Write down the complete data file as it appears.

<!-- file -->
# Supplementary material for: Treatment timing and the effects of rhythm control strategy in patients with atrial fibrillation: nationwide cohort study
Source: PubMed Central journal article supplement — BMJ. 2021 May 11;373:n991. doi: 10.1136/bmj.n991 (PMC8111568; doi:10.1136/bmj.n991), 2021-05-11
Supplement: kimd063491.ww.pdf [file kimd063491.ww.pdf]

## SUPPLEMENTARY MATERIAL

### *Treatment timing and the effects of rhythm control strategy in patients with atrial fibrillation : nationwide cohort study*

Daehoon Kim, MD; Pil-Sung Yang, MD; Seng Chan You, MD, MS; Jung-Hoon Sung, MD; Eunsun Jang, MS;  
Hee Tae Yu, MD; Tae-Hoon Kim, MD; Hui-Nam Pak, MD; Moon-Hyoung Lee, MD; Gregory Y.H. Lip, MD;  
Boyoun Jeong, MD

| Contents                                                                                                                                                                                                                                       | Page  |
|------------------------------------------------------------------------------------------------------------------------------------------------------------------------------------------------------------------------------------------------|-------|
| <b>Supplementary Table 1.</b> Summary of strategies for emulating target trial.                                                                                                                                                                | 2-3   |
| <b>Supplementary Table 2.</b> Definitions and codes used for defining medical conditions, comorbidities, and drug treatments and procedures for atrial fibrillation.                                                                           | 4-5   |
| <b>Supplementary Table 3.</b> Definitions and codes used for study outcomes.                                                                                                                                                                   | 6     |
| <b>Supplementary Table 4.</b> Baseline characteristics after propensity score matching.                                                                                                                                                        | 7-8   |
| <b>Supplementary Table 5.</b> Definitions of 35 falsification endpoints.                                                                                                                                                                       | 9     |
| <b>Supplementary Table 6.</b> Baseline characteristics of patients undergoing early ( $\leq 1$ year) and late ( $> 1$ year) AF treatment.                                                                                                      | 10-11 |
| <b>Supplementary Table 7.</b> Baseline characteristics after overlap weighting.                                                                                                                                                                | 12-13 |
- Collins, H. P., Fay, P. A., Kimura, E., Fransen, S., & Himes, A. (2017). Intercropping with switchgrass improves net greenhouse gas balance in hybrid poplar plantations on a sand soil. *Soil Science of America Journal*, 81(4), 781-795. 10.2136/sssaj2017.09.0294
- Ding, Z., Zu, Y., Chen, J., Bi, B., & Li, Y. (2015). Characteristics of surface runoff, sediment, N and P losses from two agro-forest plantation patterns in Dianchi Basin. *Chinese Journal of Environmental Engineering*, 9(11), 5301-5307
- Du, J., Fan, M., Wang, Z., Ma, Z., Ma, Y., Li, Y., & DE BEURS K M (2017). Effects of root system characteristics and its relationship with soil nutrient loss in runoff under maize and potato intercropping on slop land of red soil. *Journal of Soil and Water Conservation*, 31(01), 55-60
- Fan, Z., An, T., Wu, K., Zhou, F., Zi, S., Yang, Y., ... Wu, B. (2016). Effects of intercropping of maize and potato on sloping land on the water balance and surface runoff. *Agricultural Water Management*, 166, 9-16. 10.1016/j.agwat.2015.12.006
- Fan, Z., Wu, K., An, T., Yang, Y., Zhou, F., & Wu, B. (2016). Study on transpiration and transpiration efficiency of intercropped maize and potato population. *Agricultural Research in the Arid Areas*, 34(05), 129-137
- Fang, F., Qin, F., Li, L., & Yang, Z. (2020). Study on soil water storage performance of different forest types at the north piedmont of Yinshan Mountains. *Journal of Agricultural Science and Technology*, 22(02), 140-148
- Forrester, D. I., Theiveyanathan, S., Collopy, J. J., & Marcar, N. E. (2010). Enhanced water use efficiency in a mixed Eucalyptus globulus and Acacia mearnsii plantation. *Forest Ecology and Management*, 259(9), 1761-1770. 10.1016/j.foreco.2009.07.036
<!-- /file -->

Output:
# Supplementary material for: Treatment timing and the effects of rhythm control strategy in patients with atrial fibrillation: nationwide cohort study
Source: PubMed Central journal article supplement — BMJ. 2021 May 11;373:n991. doi: 10.1136/bmj.n991 (PMC8111568; doi:10.1136/bmj.n991), 2021-05-11
Supplement: kimd063491.ww.pdf [file kimd063491.ww.pdf]

## SUPPLEMENTARY MATERIAL

### *Treatment timing and the effects of rhythm control strategy in patients with atrial fibrillation : nationwide cohort study*

Daehoon Kim, MD; Pil-Sung Yang, MD; Seng Chan You, MD, MS; Jung-Hoon Sung, MD; Eunsun Jang, MS;  
Hee Tae Yu, MD; Tae-Hoon Kim, MD; Hui-Nam Pak, MD; Moon-Hyoung Lee, MD; Gregory Y.H. Lip, MD;  
Boyoun Jeong, MD

| Contents                                                                                                                                                                                                                                       | Page  |
|------------------------------------------------------------------------------------------------------------------------------------------------------------------------------------------------------------------------------------------------|-------|
| <b>Supplementary Table 1.</b> Summary of strategies for emulating target trial.                                                                                                                                                                | 2-3   |
| <b>Supplementary Table 2.</b> Definitions and codes used for defining medical conditions, comorbidities, and drug treatments and procedures for atrial fibrillation.                                                                           | 4-5   |
| <b>Supplementary Table 3.</b> Definitions and codes used for study outcomes.                                                                                                                                                                   | 6     |
| <b>Supplementary Table 4.</b> Baseline characteristics after propensity score matching.                                                                                                                                                        | 7-8   |
| <b>Supplementary Table 5.</b> Definitions of 35 falsification endpoints.                                                                                                                                                                       | 9     |
| <b>Supplementary Table 6.</b> Baseline characteristics of patients undergoing early ( $\leq 1$ year) and late ( $> 1$ year) AF treatment.                                                                                                      | 10-11 |
| <b>Supplementary Table 7.</b> Baseline characteristics after overlap weighting.                                                                                                                                                                | 12-13 |
- Collins, H. P., Fay, P. A., Kimura, E., Fransen, S., & Himes, A. (2017). Intercropping with switchgrass improves net greenhouse gas balance in hybrid poplar plantations on a sand soil. *Soil Science of America Journal*, 81(4), 781-795. 10.2136/sssaj2017.09.0294
- Ding, Z., Zu, Y., Chen, J., Bi, B., & Li, Y. (2015). Characteristics of surface runoff, sediment, N and P losses from two agro-forest plantation patterns in Dianchi Basin. *Chinese Journal of Environmental Engineering*, 9(11), 5301-5307
- Du, J., Fan, M., Wang, Z., Ma, Z., Ma, Y., Li, Y., & DE BEURS K M (2017). Effects of root system characteristics and its relationship with soil nutrient loss in runoff under maize and potato intercropping on slop land of red soil. *Journal of Soil and Water Conservation*, 31(01), 55-60
- Fan, Z., An, T., Wu, K., Zhou, F., Zi, S., Yang, Y., ... Wu, B. (2016). Effects of intercropping of maize and potato on sloping land on the water balance and surface runoff. *Agricultural Water Management*, 166, 9-16. 10.1016/j.agwat.2015.12.006
- Fan, Z., Wu, K., An, T., Yang, Y., Zhou, F., & Wu, B. (2016). Study on transpiration and transpiration efficiency of intercropped maize and potato population. *Agricultural Research in the Arid Areas*, 34(05), 129-137
- Fang, F., Qin, F., Li, L., & Yang, Z. (2020). Study on soil water storage performance of different forest types at the north piedmont of Yinshan Mountains. *Journal of Agricultural Science and Technology*, 22(02), 140-148
- Forrester, D. I., Theiveyanathan, S., Collopy, J. J., & Marcar, N. E. (2010). Enhanced water use efficiency in a mixed Eucalyptus globulus and Acacia mearnsii plantation. *Forest Ecology and Management*, 259(9), 1761-1770. 10.1016/j.foreco.2009.07.036